ith heavy hearts, the Departments of Gender and Women’s Studies and Asian American Studies at the University of Illinois – Urbana Champaign send strength and love to the eight victims, including six Asian women, murdered at three massage parlors and spas outside Atlanta, Georgia, and to their loved ones near and far. We also send the same to all Asians and Asian Americans who have experienced gendered racial violence and racialized sexual violence, and who might be feeling targeted, scared, sad, and angry, for their elders, friends, families, communities, and themselves.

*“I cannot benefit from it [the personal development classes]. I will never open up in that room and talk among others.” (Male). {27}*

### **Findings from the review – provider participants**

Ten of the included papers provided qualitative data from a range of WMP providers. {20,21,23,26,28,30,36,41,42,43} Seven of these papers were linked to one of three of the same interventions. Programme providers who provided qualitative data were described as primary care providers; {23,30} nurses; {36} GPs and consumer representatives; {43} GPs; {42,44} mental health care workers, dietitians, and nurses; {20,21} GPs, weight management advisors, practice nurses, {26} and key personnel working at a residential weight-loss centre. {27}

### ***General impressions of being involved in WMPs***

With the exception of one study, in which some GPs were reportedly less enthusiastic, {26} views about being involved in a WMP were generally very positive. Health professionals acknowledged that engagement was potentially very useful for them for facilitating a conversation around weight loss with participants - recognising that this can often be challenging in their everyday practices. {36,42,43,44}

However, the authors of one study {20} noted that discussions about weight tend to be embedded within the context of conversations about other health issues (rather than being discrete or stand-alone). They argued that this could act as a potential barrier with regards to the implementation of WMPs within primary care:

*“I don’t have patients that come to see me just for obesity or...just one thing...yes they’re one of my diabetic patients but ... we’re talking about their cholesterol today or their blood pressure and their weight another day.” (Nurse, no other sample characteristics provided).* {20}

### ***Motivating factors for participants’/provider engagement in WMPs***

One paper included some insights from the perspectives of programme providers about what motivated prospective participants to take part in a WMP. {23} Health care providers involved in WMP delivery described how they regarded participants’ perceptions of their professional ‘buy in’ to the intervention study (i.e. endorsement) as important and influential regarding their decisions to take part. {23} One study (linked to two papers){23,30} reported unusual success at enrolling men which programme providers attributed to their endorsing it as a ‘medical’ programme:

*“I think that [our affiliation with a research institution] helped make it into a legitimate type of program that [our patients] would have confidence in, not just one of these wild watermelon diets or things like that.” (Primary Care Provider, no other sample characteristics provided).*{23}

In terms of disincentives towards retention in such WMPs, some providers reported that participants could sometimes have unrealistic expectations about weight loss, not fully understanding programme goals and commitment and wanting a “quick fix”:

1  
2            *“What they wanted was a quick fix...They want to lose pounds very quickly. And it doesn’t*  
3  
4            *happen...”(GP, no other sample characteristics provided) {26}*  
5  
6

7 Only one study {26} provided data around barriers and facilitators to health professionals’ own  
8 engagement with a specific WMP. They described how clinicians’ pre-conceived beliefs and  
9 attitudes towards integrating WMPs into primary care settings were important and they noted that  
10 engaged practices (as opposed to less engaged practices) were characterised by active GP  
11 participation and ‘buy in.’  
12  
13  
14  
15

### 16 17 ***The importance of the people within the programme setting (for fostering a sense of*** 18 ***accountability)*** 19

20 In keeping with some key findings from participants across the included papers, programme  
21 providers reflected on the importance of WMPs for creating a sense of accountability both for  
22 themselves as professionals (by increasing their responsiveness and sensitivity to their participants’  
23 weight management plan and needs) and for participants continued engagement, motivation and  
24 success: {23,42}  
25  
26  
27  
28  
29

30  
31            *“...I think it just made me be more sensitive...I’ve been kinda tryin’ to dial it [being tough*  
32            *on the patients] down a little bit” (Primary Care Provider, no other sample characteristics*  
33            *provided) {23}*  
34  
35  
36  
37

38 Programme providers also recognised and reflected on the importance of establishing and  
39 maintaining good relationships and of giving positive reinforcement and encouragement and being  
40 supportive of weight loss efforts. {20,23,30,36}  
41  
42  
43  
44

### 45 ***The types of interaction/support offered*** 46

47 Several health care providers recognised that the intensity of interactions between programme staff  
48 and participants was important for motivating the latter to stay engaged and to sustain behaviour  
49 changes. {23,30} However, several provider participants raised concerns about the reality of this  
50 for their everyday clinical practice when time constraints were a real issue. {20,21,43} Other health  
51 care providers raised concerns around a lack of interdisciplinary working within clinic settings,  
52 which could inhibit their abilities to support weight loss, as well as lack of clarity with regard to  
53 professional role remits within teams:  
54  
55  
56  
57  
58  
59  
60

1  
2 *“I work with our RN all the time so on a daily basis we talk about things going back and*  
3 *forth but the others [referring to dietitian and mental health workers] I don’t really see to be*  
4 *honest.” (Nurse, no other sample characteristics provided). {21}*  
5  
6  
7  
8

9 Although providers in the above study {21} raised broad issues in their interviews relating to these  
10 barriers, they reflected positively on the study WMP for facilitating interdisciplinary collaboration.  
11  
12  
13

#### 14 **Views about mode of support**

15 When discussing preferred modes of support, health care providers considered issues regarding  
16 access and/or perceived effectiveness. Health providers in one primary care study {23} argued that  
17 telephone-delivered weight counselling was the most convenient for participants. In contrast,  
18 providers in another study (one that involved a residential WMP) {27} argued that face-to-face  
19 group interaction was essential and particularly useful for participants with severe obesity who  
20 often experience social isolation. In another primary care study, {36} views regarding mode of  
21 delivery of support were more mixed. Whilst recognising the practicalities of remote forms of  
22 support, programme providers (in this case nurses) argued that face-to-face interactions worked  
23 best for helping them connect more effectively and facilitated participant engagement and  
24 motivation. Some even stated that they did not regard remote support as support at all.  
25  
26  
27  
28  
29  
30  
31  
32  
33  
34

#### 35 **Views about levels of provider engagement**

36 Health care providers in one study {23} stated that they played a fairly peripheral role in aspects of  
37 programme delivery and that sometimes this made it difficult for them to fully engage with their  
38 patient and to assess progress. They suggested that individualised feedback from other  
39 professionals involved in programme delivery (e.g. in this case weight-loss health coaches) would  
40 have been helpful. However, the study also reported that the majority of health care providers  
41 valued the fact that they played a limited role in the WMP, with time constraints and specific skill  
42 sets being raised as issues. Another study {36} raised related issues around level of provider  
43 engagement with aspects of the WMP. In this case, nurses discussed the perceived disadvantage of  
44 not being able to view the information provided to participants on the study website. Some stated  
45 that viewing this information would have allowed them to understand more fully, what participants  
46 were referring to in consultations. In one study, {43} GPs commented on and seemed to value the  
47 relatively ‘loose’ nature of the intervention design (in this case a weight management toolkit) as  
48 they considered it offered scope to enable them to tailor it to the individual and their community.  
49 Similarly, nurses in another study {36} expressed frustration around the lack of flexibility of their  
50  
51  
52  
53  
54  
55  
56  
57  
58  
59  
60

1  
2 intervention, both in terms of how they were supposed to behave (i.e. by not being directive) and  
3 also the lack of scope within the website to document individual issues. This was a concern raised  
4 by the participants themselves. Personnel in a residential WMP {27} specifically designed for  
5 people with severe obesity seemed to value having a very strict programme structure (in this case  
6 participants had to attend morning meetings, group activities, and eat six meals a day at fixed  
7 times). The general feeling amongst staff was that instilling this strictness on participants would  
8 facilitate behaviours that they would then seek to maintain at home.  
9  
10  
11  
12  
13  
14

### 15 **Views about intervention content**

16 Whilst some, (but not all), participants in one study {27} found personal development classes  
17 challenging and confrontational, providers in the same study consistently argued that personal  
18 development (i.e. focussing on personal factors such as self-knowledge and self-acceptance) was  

The recent rise in anti-Asian violence against all ages and genders in the context of the COVID-19 pandemic has a deep-seated history in US culture, white supremacy, and harmful stereotypes about Asian migrants as carriers of disease and contagion. The former president fueled this hatred by repeatedly calling the coronavirus the “China virus,” and “kung flu,” and his words are echoed by millions of Americans even as reported anti-Asian violence rose 150% in 2020. But this latest incident of violence demands that we account for the specific vulnerabilities of Asian migrants who are targeted while working at massage parlors and spas; Asian migrants who are often poor and sometimes undocumented; Asian migrants who are subject to sexualized violence whether or not they trade sex because of an enduring animus toward sex workers, Asian women, and immigrants.